Scottish and Welsh frustration as Tories seek to block devolution funding 


Demands DUP deal leads to increased funding across all parts of the UK

THE BILLION POUND DEAL for the Tories to gain votes from the Northern Irish DUP has caused consternation from political leaders in Scotland and Wales over a lack of equal funding.

Since the Tories were reduced to a minority government in the snap General Election, the DUP held out for weeks in negotiations to secure the support of its 10 MPs in crucial parliamentary votes. The eventual deal secured over £1bn in funds for Northern Ireland – but UK Government sources have refused to provide increased support for Scotland, Wales, or any city or region within England. 

Welsh First Minister Carwyn Jones said the deal “further weakens the UK, and as currently drafted all but kills the idea of fair funding for the nations and regions”.

The “deal represents a straight bung to keep a weak Prime Minister and a faltering Government in office,” he added.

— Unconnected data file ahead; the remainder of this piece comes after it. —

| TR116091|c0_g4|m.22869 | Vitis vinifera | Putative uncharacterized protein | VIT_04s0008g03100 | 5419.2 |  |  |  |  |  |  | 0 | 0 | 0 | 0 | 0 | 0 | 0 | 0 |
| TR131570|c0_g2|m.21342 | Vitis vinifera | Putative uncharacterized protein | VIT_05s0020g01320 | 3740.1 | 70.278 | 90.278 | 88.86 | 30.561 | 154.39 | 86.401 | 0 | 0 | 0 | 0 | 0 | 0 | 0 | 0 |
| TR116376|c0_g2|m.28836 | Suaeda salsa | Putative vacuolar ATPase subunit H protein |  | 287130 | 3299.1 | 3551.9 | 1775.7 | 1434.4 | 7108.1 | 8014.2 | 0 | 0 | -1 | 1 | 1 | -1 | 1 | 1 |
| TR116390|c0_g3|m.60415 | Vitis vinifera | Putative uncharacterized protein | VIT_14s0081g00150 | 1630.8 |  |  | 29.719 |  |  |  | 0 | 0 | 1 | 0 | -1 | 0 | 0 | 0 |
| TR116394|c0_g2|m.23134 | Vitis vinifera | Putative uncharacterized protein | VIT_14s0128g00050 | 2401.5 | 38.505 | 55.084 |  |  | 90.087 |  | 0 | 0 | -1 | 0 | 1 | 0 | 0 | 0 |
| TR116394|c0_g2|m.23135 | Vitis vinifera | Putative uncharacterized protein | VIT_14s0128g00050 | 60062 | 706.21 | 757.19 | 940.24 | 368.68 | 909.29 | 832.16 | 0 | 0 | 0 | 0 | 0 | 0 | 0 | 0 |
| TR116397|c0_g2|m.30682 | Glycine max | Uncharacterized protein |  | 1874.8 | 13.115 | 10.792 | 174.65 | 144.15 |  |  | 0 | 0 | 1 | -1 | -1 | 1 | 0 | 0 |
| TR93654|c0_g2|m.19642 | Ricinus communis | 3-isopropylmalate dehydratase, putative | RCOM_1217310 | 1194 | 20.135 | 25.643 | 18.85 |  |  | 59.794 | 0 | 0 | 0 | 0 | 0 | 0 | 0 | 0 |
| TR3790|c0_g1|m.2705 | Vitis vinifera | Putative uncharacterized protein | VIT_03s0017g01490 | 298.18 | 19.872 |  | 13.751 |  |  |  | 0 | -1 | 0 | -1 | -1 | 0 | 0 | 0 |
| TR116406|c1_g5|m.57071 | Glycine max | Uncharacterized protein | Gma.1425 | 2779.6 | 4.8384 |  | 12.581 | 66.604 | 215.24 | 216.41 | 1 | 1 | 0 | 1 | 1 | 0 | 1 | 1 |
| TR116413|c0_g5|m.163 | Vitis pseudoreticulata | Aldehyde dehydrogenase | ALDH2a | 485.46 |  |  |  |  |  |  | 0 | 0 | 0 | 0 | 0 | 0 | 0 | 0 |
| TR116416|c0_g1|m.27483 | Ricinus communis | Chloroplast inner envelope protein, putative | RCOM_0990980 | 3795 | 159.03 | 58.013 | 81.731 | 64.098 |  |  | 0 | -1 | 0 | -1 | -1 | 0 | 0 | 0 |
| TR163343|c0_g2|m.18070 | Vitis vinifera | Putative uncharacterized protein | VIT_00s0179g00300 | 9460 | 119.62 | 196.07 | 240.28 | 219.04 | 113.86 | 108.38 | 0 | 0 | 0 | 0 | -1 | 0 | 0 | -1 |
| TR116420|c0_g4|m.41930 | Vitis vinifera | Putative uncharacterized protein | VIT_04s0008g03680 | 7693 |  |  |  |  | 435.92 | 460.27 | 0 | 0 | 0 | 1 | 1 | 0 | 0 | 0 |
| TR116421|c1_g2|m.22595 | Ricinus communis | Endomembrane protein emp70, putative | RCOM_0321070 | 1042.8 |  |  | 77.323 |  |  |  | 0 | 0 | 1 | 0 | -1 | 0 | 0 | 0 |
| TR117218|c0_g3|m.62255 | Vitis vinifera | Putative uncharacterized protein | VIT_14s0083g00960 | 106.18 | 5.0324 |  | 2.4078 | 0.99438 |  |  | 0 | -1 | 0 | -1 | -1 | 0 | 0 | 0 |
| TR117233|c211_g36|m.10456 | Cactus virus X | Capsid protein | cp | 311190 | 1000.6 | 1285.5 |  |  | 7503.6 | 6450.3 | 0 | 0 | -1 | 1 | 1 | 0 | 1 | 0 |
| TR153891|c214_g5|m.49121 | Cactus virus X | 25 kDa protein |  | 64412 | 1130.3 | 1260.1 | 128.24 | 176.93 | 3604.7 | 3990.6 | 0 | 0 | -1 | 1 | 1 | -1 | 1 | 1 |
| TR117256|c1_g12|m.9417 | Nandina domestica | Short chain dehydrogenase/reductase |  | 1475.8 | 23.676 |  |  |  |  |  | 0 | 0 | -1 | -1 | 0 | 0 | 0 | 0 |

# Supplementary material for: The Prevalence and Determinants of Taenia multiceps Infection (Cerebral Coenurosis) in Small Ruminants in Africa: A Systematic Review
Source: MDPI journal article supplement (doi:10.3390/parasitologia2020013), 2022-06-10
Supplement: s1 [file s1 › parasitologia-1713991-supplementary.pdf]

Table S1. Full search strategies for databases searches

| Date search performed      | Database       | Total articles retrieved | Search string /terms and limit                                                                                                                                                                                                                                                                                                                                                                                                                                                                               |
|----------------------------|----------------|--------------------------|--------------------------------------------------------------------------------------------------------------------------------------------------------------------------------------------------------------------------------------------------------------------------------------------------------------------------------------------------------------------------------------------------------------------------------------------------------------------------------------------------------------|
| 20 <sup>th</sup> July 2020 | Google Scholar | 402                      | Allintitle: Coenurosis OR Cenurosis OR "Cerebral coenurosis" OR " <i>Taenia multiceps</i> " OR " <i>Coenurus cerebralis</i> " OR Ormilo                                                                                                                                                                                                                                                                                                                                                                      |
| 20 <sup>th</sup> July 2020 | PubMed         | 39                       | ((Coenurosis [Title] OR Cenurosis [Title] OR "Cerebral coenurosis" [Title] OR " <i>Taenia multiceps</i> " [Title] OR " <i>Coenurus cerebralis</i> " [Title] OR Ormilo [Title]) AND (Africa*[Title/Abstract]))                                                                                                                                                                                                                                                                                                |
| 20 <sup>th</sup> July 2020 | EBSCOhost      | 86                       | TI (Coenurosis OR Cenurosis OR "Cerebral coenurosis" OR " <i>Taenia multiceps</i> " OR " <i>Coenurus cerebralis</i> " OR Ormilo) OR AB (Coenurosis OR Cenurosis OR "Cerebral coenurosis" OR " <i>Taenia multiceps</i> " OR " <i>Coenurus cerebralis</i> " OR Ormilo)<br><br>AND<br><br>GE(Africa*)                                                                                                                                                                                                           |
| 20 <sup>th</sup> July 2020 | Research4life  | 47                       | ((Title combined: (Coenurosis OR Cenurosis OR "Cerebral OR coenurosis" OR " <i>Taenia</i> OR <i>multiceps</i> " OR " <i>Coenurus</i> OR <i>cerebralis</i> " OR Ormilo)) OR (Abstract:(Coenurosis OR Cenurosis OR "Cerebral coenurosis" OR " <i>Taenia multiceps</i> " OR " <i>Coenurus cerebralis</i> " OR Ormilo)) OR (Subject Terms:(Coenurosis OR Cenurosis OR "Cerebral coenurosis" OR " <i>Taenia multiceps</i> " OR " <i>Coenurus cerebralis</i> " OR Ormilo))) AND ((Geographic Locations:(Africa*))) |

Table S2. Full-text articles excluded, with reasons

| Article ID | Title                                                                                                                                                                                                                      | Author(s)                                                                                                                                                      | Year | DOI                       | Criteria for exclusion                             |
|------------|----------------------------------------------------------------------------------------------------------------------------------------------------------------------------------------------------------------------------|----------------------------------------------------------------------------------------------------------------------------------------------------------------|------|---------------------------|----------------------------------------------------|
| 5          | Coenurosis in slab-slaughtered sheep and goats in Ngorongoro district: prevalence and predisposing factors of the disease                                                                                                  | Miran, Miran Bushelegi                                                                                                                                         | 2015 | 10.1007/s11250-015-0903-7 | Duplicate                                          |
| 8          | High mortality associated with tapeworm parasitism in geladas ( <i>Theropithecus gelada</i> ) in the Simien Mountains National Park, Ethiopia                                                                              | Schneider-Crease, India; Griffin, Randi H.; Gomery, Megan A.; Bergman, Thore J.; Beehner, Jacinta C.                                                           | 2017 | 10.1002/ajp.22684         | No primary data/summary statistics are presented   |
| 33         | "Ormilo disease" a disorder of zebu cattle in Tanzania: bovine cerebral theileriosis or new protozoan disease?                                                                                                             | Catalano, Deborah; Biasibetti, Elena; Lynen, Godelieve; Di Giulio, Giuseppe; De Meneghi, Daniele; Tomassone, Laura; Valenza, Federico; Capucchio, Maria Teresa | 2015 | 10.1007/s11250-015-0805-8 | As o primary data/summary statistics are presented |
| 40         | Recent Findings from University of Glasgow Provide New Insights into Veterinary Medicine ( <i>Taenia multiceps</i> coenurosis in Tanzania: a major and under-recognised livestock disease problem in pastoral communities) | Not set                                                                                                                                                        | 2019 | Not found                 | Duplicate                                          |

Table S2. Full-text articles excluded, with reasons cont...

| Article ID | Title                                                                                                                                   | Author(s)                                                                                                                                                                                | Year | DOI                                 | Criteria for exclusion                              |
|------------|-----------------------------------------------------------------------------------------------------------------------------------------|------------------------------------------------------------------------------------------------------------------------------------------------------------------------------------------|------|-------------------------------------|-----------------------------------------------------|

Criticism of the Barnett Formula – which allocates financial support across the UK and Northern Ireland – has long been an issue of frustration in Scotland, Wales, Northern Ireland, and England, for different political reasons. 

However, the UK Government implement the formula on a non-statutory basis through the UK Treasury. The ad-hoc deal with the DUP is not, as of yet, being considered as spending that would lead to consequential funding implications for Scotland, England, or Wales. 

First Minister of Scotland Nicola Sturgeon called it a “grubby DUP deal”, and claimed the result proved the lack of influence for the 13 Scottish Tory MPs. 

Scottish Labour called for “an immediate guarantee that Scotland will receive extra cash to end austerity”, while the Scottish Greens called for Tory minister David Mundell to resign over the DUP deal. 

Mundell had claimed he “won’t support funding which is deliberately sought to subvert the Barnett rules”. The DUP deal specifically included top-up funding for devolved issues including health and education.

Tory leader Ruth Davidson defended the funding decision, claiming it was similar to ‘city deal’ arrangements that take place outwit the Barnett Formula. 

Picture courtesy of Sky News Live

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